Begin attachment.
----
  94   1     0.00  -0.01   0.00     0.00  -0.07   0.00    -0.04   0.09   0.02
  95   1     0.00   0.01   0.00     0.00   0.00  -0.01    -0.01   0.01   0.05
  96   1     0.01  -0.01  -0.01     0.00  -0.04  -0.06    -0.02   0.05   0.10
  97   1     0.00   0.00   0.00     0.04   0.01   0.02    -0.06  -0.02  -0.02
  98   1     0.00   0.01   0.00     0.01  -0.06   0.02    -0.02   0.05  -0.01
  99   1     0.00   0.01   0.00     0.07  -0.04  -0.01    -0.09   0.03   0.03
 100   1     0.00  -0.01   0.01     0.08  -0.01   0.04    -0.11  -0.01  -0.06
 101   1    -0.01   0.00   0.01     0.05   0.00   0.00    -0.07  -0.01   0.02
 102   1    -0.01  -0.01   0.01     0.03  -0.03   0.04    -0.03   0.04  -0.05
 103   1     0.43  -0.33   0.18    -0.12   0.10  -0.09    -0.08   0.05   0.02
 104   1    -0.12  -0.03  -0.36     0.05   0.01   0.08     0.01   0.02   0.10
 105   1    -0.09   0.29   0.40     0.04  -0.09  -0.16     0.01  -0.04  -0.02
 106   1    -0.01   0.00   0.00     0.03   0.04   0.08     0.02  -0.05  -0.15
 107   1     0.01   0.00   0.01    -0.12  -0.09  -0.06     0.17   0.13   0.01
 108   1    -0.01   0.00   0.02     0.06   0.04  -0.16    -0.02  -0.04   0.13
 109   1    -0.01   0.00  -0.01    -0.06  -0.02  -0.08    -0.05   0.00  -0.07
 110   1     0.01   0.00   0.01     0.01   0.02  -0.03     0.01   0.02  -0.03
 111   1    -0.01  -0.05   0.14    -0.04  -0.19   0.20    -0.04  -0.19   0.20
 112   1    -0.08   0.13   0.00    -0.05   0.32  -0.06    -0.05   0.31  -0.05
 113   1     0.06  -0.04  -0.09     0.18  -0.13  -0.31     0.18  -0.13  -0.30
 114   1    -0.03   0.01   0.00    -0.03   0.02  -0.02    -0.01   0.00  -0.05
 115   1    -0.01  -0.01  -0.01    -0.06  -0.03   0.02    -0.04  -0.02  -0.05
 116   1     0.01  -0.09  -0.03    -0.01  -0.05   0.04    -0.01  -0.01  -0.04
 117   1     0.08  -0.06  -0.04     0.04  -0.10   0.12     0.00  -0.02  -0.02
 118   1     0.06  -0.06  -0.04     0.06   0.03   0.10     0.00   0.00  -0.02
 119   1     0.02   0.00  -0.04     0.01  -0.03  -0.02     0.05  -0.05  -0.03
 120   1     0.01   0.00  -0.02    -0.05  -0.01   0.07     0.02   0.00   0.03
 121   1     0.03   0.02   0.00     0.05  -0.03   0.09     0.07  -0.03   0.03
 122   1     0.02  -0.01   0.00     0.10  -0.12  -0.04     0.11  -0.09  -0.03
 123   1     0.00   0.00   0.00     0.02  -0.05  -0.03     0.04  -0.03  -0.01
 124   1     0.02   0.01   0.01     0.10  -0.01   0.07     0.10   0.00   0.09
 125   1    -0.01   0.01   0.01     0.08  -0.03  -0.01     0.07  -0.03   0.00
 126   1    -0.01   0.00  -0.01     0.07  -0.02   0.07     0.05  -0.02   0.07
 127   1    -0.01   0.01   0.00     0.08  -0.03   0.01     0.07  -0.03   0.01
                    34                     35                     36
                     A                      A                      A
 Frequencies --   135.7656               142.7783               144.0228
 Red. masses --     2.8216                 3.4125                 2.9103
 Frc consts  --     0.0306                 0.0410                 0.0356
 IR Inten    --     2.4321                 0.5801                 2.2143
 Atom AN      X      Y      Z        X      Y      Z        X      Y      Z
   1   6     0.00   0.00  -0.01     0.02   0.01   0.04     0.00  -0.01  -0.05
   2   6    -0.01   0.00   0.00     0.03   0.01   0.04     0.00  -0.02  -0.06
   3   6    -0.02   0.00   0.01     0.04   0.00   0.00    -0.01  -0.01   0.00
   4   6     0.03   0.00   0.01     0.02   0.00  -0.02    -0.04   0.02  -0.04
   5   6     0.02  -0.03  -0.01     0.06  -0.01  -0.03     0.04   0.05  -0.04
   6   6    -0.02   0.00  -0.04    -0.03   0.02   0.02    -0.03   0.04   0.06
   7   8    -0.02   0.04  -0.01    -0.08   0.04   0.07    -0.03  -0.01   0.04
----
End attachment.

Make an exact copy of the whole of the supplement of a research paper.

  94   1     0.00  -0.01   0.00     0.00  -0.07   0.00    -0.04   0.09   0.02
  95   1     0.00   0.01   0.00     0.00   0.00  -0.01    -0.01   0.01   0.05
  96   1     0.01  -0.01  -0.01     0.00  -0.04  -0.06    -0.02   0.05   0.10
  97   1     0.00   0.00   0.00     0.04   0.01   0.02    -0.06  -0.02  -0.02
  98   1     0.00   0.01   0.00     0.01  -0.06   0.02    -0.02   0.05  -0.01
  99   1     0.00   0.01   0.00     0.07  -0.04  -0.01    -0.09   0.03   0.03
 100   1     0.00  -0.01   0.01     0.08  -0.01   0.04    -0.11  -0.01  -0.06
 101   1    -0.01   0.00   0.01     0.05   0.00   0.00    -0.07  -0.01   0.02
 102   1    -0.01  -0.01   0.01     0.03  -0.03   0.04    -0.03   0.04  -0.05
 103   1     0.43  -0.33   0.18    -0.12   0.10  -0.09    -0.08   0.05   0.02
 104   1    -0.12  -0.03  -0.36     0.05   0.01   0.08     0.01   0.02   0.10
 105   1    -0.09   0.29   0.40     0.04  -0.09  -0.16     0.01  -0.04  -0.02
 106   1    -0.01   0.00   0.00     0.03   0.04   0.08     0.02  -0.05  -0.15
 107   1     0.01   0.00   0.01    -0.12  -0.09  -0.06     0.17   0.13   0.01
 108   1    -0.01   0.00   0.02     0.06   0.04  -0.16    -0.02  -0.04   0.13
 109   1    -0.01   0.00  -0.01    -0.06  -0.02  -0.08    -0.05   0.00  -0.07
 110   1     0.01   0.00   0.01     0.01   0.02  -0.03     0.01   0.02  -0.03
 111   1    -0.01  -0.05   0.14    -0.04  -0.19   0.20    -0.04  -0.19   0.20
 112   1    -0.08   0.13   0.00    -0.05   0.32  -0.06    -0.05   0.31  -0.05
 113   1     0.06  -0.04  -0.09     0.18  -0.13  -0.31     0.18  -0.13  -0.30
 114   1    -0.03   0.01   0.00    -0.03   0.02  -0.02    -0.01   0.00  -0.05
 115   1    -0.01  -0.01  -0.01    -0.06  -0.03   0.02    -0.04  -0.02  -0.05
 116   1     0.01  -0.09  -0.03    -0.01  -0.05   0.04    -0.01  -0.01  -0.04
 117   1     0.08  -0.06  -0.04     0.04  -0.10   0.12     0.00  -0.02  -0.02
 118   1     0.06  -0.06  -0.04     0.06   0.03   0.10     0.00   0.00  -0.02
 119   1     0.02   0.00  -0.04     0.01  -0.03  -0.02     0.05  -0.05  -0.03
 120   1     0.01   0.00  -0.02    -0.05  -0.01   0.07     0.02   0.00   0.03
 121   1     0.03   0.02   0.00     0.05  -0.03   0.09     0.07  -0.03   0.03
 122   1     0.02  -0.01   0.00     0.10  -0.12  -0.04     0.11  -0.09  -0.03
 123   1     0.00   0.00   0.00     0.02  -0.05  -0.03     0.04  -0.03  -0.01
 124   1     0.02   0.01   0.01     0.10  -0.01   0.07     0.10   0.00   0.09
 125   1    -0.01   0.01   0.01     0.08  -0.03  -0.01     0.07  -0.03   0.00
 126   1    -0.01   0.00  -0.01     0.07  -0.02   0.07     0.05  -0.02   0.07
 127   1    -0.01   0.01   0.00     0.08  -0.03   0.01     0.07  -0.03   0.01
                    34                     35                     36
                     A                      A                      A
 Frequencies --   135.7656               142.7783               144.0228
 Red. masses --     2.8216                 3.4125                 2.9103
 Frc consts  --     0.0306                 0.0410                 0.0356
 IR Inten    --     2.4321                 0.5801                 2.2143
 Atom AN      X      Y      Z        X      Y      Z        X      Y      Z
   1   6     0.00   0.00  -0.01     0.02   0.01   0.04     0.00  -0.01  -0.05
   2   6    -0.01   0.00   0.00     0.03   0.01   0.04     0.00  -0.02  -0.06
   3   6    -0.02   0.00   0.01     0.04   0.00   0.00    -0.01  -0.01   0.00
   4   6     0.03   0.00   0.01     0.02   0.00  -0.02    -0.04   0.02  -0.04
   5   6     0.02  -0.03  -0.01     0.06  -0.01  -0.03     0.04   0.05  -0.04
   6   6    -0.02   0.00  -0.04    -0.03   0.02   0.02    -0.03   0.04   0.06
   7   8    -0.02   0.04  -0.01    -0.08   0.04   0.07    -0.03  -0.01   0.04